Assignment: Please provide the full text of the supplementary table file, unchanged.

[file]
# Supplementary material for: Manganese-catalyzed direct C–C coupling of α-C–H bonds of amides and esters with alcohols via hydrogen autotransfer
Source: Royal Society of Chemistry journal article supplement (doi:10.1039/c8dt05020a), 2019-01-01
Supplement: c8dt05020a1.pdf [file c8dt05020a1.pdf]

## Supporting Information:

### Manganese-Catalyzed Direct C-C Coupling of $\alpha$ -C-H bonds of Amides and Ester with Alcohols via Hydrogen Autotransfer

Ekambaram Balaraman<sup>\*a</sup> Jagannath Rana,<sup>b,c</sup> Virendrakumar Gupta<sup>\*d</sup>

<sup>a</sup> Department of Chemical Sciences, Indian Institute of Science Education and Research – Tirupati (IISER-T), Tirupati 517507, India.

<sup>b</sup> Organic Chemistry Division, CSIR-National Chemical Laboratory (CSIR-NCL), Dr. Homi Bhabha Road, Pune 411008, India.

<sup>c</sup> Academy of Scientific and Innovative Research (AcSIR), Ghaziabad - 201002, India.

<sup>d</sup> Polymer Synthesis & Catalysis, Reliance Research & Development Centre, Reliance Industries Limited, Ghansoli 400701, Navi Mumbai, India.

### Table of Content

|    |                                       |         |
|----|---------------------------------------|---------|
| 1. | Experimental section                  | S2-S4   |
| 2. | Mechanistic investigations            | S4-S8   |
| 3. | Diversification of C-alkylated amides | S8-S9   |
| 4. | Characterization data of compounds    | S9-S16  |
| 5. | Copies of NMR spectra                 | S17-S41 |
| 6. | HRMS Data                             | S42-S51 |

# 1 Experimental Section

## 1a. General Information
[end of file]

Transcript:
# Supplementary material for: Manganese-catalyzed direct C–C coupling of α-C–H bonds of amides and esters with alcohols via hydrogen autotransfer
Source: Royal Society of Chemistry journal article supplement (doi:10.1039/c8dt05020a), 2019-01-01
Supplement: c8dt05020a1.pdf [file c8dt05020a1.pdf]

## Supporting Information:

### Manganese-Catalyzed Direct C-C Coupling of $\alpha$ -C-H bonds of Amides and Ester with Alcohols via Hydrogen Autotransfer

Ekambaram Balaraman<sup>\*a</sup> Jagannath Rana,<sup>b,c</sup> Virendrakumar Gupta<sup>\*d</sup>

<sup>a</sup> Department of Chemical Sciences, Indian Institute of Science Education and Research – Tirupati (IISER-T), Tirupati 517507, India.

<sup>b</sup> Organic Chemistry Division, CSIR-National Chemical Laboratory (CSIR-NCL), Dr. Homi Bhabha Road, Pune 411008, India.

<sup>c</sup> Academy of Scientific and Innovative Research (AcSIR), Ghaziabad - 201002, India.

<sup>d</sup> Polymer Synthesis & Catalysis, Reliance Research & Development Centre, Reliance Industries Limited, Ghansoli 400701, Navi Mumbai, India.

### Table of Content

|    |                                       |         |
|----|---------------------------------------|---------|
| 1. | Experimental section                  | S2-S4   |
| 2. | Mechanistic investigations            | S4-S8   |
| 3. | Diversification of C-alkylated amides | S8-S9   |
| 4. | Characterization data of compounds    | S9-S16  |
| 5. | Copies of NMR spectra                 | S17-S41 |
| 6. | HRMS Data                             | S42-S51 |

# 1 Experimental Section

## 1a. General Information